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Sunday, January 11, 2015

Agreeing to cut out two political questions,

Tahseen Al-Khateeb and I have continued with our interview. This will be translated into Arabic and published in a Jordanian journal. Tahseen's latest question is particularly interesting, and so I'm posting our exchange below. This is also relevant because the issue of loneliness has been raised recently on this blog.



Al-Khateeb: In your poems, you depict the “borderless body”, not only as a naked existence where the “soul blossomed”—an existence that is open wide, “cleaned of all obsolete and labored presumptions”; the body “blends into all humans, animals and things” and “naked, walks through the street as the very first human”, BUT also as an “erotic” existence that tends to free the body from its own “chamber music”, from its own “language and meat”, from its “obsolete maps”: to overflow and seep into a “defiant puddle”. Do you think that one can never be a true poet without celebrating the “body electric”?

Dinh:
This borderless body suggests the immigrant, a child in the womb, rapists, spouses, sitting in a bar and empathy. Human bodies are really one continuum that has been tragically yet mercifully broken up. If you’re cut, I should feel pain, and vice versa, and when we’re at our best, that’s exactly what happens. Too often, though, people derive an orgasmic pleasure from watching another body being violated by a drone missile or a bomb. Excited, they cheer. Elias Canetti talks about how instinctively humans laugh at seeing somebody falling, and he traces this to our days as flesh hunters. Since a fallen body represents meat, we laugh out of joy. Beside this atavistic impulse, however, we also rush to help the fallen because we recognize the body in distress as our own. The American entertainment industry, though, is relentless in pushing the fantasy of the super predator, somebody who’s capable of destroying countless bodies “of the bad guys.” With its mesmerizing war and “action” films, Hollywood has amplified, to an insane degree, all of our worst sadistic tendencies. Sex, too, has become a matter of body count, but this is perfectly in line with the American obsession with numbers. As for your question about being a “true poet,” there are so many types of poets out there, but I’d say the majority of them are not about grappling with the body’s hidden logics, but smothering these with verbiage, for language, after all, is most often used to dissimulate and disguise everything, and not just the body. Having said that, neurotic poetry has its place, so a poet who always sidesteps the many bodies lying all around him, some smiling, some freshly killed, also has his place. Just days ago, a Vietnamese poet asked me to translate something, and so I did, “I’m aroused. I’m horny. I’m a whore. I’m an aroused whore. I’m an extremely horny whore.” I’m not sure if she needed that for her FaceBook page, or if she was communicating directly to me, but it was clearly her body starting to speak. Not one to be rude, my body spoke back to her, but alas, only by email. Such is our postmodern world.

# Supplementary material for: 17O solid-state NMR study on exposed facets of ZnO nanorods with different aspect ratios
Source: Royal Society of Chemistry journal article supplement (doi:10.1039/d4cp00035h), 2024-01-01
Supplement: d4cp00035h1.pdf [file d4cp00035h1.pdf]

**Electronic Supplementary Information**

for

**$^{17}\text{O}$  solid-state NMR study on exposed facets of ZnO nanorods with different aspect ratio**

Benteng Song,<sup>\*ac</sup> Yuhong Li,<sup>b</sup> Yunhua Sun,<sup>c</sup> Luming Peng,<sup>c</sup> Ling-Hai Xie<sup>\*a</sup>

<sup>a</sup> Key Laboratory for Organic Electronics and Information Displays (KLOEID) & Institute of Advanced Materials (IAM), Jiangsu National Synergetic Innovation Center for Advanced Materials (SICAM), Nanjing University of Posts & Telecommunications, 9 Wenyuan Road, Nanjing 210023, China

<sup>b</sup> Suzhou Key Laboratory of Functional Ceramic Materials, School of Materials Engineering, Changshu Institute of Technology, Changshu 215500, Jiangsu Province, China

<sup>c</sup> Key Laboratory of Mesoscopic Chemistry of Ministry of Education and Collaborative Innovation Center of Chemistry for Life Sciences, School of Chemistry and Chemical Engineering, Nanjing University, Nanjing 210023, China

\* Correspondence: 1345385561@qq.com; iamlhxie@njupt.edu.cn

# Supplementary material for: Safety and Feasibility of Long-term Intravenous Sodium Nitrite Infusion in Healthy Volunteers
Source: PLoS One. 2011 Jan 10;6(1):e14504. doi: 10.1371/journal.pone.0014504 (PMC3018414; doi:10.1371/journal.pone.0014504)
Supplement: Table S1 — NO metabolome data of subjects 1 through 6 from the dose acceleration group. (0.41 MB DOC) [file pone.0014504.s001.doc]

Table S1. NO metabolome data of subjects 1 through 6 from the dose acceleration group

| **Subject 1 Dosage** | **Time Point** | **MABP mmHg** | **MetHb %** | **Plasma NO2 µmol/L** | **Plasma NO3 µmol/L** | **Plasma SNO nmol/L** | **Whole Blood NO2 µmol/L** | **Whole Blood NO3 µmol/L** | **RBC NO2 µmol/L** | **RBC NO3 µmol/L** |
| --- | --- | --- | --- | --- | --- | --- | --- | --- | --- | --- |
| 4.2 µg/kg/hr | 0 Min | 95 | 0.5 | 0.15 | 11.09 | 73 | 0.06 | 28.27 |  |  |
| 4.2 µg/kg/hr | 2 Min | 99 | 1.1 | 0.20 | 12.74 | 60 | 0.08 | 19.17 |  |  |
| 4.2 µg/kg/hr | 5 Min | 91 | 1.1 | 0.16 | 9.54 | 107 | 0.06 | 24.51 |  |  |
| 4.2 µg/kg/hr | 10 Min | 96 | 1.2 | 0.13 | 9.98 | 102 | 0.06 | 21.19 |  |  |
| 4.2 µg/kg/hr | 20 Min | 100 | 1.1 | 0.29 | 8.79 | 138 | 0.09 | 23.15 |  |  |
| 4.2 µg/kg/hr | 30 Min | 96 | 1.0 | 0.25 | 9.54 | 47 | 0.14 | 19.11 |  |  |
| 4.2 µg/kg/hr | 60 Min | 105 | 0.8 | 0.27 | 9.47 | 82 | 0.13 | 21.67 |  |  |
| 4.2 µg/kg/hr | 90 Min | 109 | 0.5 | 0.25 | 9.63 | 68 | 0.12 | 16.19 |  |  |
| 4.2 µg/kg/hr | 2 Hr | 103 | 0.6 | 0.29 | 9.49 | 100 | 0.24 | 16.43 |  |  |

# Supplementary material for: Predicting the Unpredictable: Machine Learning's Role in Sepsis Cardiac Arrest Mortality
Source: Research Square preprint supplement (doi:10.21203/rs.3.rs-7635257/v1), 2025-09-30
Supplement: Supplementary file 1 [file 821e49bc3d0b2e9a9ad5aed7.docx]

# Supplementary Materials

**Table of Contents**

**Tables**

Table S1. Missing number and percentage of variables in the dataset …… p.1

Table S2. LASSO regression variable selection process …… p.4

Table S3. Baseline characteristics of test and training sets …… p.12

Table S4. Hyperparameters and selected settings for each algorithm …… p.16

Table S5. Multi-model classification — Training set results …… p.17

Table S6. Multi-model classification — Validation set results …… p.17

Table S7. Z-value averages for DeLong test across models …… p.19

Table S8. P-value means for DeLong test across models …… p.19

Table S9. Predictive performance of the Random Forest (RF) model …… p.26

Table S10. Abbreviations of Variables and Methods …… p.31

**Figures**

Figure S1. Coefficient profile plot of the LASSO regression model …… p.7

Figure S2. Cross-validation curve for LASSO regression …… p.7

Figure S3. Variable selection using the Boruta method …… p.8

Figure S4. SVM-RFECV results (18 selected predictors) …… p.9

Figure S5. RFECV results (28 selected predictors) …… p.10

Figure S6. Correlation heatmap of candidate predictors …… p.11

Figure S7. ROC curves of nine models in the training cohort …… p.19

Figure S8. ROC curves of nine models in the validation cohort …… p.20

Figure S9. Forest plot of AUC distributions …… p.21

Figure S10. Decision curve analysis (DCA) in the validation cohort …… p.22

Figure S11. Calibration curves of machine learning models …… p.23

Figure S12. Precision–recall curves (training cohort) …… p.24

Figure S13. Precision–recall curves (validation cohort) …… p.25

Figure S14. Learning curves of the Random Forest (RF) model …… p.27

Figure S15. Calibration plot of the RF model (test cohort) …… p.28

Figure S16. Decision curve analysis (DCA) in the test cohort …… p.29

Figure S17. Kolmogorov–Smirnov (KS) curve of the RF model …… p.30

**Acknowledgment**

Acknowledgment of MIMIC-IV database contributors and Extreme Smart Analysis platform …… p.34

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About Me

Born in Vietnam in 1963, I came to the US in 1975, and have also lived in Italy, England and Germany. I'm the author of two books of stories, Fake House (2000) and Blood and Soap (2004), five of poems, All Around What Empties Out (2003), American Tatts (2005), Borderless Bodies (2006), Jam Alerts (2007) and Some Kind of Cheese Orgy (2009), and a novel, Love Like Hate (2010). I've been anthologized in Best American Poetry 2000, 2004, 2007, Great American Prose Poems from Poe to the Present, Postmodern American Poetry: a Norton Anthology (vol. 2) and Flash Fiction International: Very Short Stories From Around the World, etc. I'm also editor of Night, Again: Contemporary Fiction from Vietnam (1996) and The Deluge: New Vietnamese Poetry (2013). Blood and Soap was chosen by Village Voice as one of the best books of 2004. My writing has been translated into Italian, Spanish, French, Dutch, German, Portuguese, Japanese, Korean, Arabic, Icelandic and Finnish, and I've been invited to read in London, Cambridge, Brighton, Paris, Berlin, Leipzig, Halle, Reykjavik, Toronto, Singapore and all over the US. I've also published widely in Vietnamese.